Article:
• Friday, February 23, 2024
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PENCOM recovers N12 billion in unpaid pensions for former bank employees

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The National Pension Commission (PenCom) said it had recovered N12 billion in pension contributions from failed bank employees, yet to be credited to their respective Retirement Savings Accounts (RSAs).

Ehimeme Ohioma, head of the Surveillance Department at PenCom, who disclosed this at a One-Day Media parley organised by the Pension Fund Operators Association of Nigeria (PenOp) held Friday in Lagos, said the funds belong to employees of the collapsed or acquired banks, including Diamond, Intercontinental, Oceanic, Main Street, former Afribank, Citizens among others.

Ohioma said those in the bank between 2004 and 2007 before they collapsed or acquired should go to PenCom’s website and search for their names and the respective PFAs where their funds have been allocated for reconciliation into their RSA pins.

According to him, of the N12 billion recovered, only about N158 million has been reconciled with their rightful owners.

According to Ohioma, PenCom, between September and October 2023, embarked on reconciliation and resolution of long outstanding uncredited contributions that resulted from incomplete and inaccurate schedules sent by employers for their employees’ contributions.

He said that about N22 billion of those issues have been resolved and credited to the RSA pins of their beneficiaries.

He said that the Commission, working with operators and employers through the support of service provider institutions, is putting in place measures to resolve all of these issues.

Read also PenCom, OPS to strengthen collaboration on pension

On the bank’s employees’ funds, Ehimeme said, “Most of the employees do not know that they have those funds with PFAs.

What PenCom did in September was to put up a list of the beneficiaries and their respective PFAs where those funds are located on the Commission’s website, and what we expect is that the affected people go to the website, look through the list to reconcile their identities with the funds.

“Those people have worked in various institutions that have either collapsed or were acquired by other institutions, and they do not know that they have contributions from their former employers from 2004 to date, and the Commission’s Recovery Agents have recovered these funds, and they are with the PFAs.

“People should go search their names and get those monies transferred to their RSA. They are not going to be paid cash, but to be transferred into the RSA PINs.”

“The fund is closed to N12 billion, and only 158 million has been reconciled into their RSAs.”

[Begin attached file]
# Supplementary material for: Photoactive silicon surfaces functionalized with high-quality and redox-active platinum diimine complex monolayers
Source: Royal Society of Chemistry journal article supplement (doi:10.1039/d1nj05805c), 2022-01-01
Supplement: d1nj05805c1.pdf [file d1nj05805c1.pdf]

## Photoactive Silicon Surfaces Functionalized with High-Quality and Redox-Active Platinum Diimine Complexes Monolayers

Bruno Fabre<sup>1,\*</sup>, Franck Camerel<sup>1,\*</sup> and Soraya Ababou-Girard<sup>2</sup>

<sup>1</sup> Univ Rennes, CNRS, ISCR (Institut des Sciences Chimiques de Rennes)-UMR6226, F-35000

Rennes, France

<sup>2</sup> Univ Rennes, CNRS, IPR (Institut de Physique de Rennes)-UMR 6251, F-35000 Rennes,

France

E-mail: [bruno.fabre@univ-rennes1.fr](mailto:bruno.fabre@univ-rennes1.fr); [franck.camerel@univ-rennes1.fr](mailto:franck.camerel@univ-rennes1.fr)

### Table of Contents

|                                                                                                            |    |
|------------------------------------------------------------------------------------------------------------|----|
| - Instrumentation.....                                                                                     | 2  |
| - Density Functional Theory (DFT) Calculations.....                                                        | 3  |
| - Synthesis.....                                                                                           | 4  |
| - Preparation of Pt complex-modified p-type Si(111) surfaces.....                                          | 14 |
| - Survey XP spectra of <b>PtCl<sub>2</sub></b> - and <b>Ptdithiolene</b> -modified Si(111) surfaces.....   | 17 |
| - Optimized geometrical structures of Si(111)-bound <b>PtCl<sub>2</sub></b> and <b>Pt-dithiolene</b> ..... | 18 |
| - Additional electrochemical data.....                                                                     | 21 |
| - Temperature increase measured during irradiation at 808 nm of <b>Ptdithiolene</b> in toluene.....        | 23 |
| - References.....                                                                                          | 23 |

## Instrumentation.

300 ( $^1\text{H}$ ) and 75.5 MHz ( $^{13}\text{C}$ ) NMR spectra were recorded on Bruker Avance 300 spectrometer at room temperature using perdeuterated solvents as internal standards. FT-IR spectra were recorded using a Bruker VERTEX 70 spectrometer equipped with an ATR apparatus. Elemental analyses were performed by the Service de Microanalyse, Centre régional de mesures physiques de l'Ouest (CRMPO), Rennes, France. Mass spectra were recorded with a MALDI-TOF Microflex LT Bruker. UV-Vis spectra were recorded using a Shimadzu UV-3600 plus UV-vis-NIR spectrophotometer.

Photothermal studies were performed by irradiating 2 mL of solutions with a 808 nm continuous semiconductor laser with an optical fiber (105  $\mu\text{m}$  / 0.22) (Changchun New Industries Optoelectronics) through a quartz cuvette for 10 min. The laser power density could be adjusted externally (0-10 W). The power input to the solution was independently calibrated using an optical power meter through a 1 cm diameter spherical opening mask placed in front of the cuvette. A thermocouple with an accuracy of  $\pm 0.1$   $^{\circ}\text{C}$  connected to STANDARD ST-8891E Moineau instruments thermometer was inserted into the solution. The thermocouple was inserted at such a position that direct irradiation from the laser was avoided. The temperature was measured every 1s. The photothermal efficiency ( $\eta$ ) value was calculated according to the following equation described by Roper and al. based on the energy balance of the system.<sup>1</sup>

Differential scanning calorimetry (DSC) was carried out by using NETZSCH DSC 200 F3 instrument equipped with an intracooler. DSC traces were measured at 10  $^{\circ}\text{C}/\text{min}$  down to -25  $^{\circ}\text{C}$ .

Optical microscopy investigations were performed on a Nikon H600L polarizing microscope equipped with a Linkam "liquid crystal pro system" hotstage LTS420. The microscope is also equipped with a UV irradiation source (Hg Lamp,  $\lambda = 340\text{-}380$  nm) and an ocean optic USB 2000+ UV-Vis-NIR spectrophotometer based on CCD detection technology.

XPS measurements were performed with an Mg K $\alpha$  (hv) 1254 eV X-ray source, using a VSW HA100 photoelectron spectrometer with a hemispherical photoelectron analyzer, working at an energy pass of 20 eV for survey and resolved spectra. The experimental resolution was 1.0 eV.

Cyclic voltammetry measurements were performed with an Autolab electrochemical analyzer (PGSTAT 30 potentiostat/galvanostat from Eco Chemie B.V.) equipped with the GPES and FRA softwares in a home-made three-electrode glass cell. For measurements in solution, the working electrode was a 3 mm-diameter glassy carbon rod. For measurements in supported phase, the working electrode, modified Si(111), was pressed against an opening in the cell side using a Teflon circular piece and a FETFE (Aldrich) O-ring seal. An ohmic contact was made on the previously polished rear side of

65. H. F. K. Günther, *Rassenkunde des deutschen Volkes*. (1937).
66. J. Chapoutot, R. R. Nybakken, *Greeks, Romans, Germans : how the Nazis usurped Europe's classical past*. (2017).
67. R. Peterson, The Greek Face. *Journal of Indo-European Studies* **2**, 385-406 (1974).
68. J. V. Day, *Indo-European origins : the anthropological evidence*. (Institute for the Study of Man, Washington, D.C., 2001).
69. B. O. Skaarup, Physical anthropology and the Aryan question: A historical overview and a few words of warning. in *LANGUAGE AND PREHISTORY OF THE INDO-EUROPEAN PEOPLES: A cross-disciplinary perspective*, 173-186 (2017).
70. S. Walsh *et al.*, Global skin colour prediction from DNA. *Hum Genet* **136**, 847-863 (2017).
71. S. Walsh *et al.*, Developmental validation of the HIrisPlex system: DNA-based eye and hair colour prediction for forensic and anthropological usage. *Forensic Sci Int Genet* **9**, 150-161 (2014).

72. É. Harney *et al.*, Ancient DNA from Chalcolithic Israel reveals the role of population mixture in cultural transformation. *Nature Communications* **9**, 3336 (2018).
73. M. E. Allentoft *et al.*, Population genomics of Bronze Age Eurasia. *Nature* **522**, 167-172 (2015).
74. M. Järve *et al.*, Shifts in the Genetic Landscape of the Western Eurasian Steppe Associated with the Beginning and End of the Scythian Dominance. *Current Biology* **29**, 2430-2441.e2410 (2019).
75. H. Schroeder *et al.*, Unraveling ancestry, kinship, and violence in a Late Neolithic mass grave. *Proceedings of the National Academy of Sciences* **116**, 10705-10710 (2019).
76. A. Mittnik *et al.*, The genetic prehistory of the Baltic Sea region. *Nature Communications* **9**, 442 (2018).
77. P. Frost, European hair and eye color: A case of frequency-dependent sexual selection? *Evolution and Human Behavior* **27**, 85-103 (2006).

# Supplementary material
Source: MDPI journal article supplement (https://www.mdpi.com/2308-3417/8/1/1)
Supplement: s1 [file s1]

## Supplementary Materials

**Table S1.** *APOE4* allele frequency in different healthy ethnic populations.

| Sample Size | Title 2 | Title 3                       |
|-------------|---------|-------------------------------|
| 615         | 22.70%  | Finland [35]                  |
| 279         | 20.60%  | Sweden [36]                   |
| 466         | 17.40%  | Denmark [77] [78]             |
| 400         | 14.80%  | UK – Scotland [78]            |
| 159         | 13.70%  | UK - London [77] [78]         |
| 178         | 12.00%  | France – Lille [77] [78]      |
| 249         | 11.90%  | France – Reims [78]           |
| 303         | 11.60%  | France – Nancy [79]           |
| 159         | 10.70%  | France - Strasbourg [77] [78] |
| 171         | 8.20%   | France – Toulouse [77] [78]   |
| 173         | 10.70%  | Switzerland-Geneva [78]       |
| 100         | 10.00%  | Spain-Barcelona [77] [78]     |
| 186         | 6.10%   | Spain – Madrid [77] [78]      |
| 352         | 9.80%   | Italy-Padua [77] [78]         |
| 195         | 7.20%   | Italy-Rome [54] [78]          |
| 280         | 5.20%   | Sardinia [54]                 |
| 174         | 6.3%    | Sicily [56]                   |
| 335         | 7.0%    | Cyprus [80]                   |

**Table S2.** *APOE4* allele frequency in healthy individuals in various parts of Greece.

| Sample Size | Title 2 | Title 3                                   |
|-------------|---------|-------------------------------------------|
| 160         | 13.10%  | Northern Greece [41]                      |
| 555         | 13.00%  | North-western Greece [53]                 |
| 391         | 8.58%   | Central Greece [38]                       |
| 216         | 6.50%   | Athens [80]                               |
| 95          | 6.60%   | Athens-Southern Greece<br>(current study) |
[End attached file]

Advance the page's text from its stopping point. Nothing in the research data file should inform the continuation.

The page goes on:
Read also PenCom wants PFAs to open branches in states with 10,000 clients

Ehimeme Ohioma, who applauded the success of the pension industry, which will be twenty years next year since the Pension Reform Act 2004, said it is a long but interesting journey.

According to him, two things are critical for the continued growth of the industry: adequacy and sustainability.

The pension industry has accumulated N17.5 trillion in assets as of the end of October 2023, with over 10 million registered contributors; 64 per cent of the assets are held in Federal Government Securities, 11 percent in corporate debts, 8 percent in listed equities and less than 1 percent in private equities and infrastructure fund, Ehimeme disclosed.

He said, “When people retire, their pension must be adequate to care for their needs; it must be sustainable, not lasting for just six or seven years and stopping.

On challenges facing the industry, he said effort must be made to ensure that returns on investment is above inflation, stating that this must be a priority for operators.

“I talked earlier about how pension funds can earn real returns on investment. Where can we get those returns or assets? They are from alternative assets, private equities and infrastructure funds. The market has to create those products for pension funds to be invested.”

“So, going forward, we would be looking to see how pension funds can be invested in alternative assets to earn real returns on investment.”

The second major challenge, he said, is service delivery. “There must always be complaints; there must always be problems. The question is, how do we respond to these problems, which is critical to the industry’s success.”

“It therefore beholds us as operators, as regulators to ensure that they are promptly and consciously treated.”

Another success story he pointed out is promptness in the payment of benefits. “By 25th of every month, every retiree under the contributory pension scheme has received his or her monthly pensions, and there is no one complaint about this. This is a success story and needs to be commended and sustained.

“Since inception, 1, 268, 440 people have been paid one form of benefit or the other, and in total N2.73 trillion has been paid as benefit from.”

“For mortgage, in less than 6 months of the commencement of this scheme, 1,183 contributors have successfully accessed funding valued at N13 trillion, and these people are qualified for home ownership in Nigeria.

He said to ensure efficient service delivery, the Commission in 2022 increased the minimum regulatory capital of the pension fund operators to ensure that they have the needed capacity to acquire the right infrastructure, technology, and human capital to deliver efficient service delivery.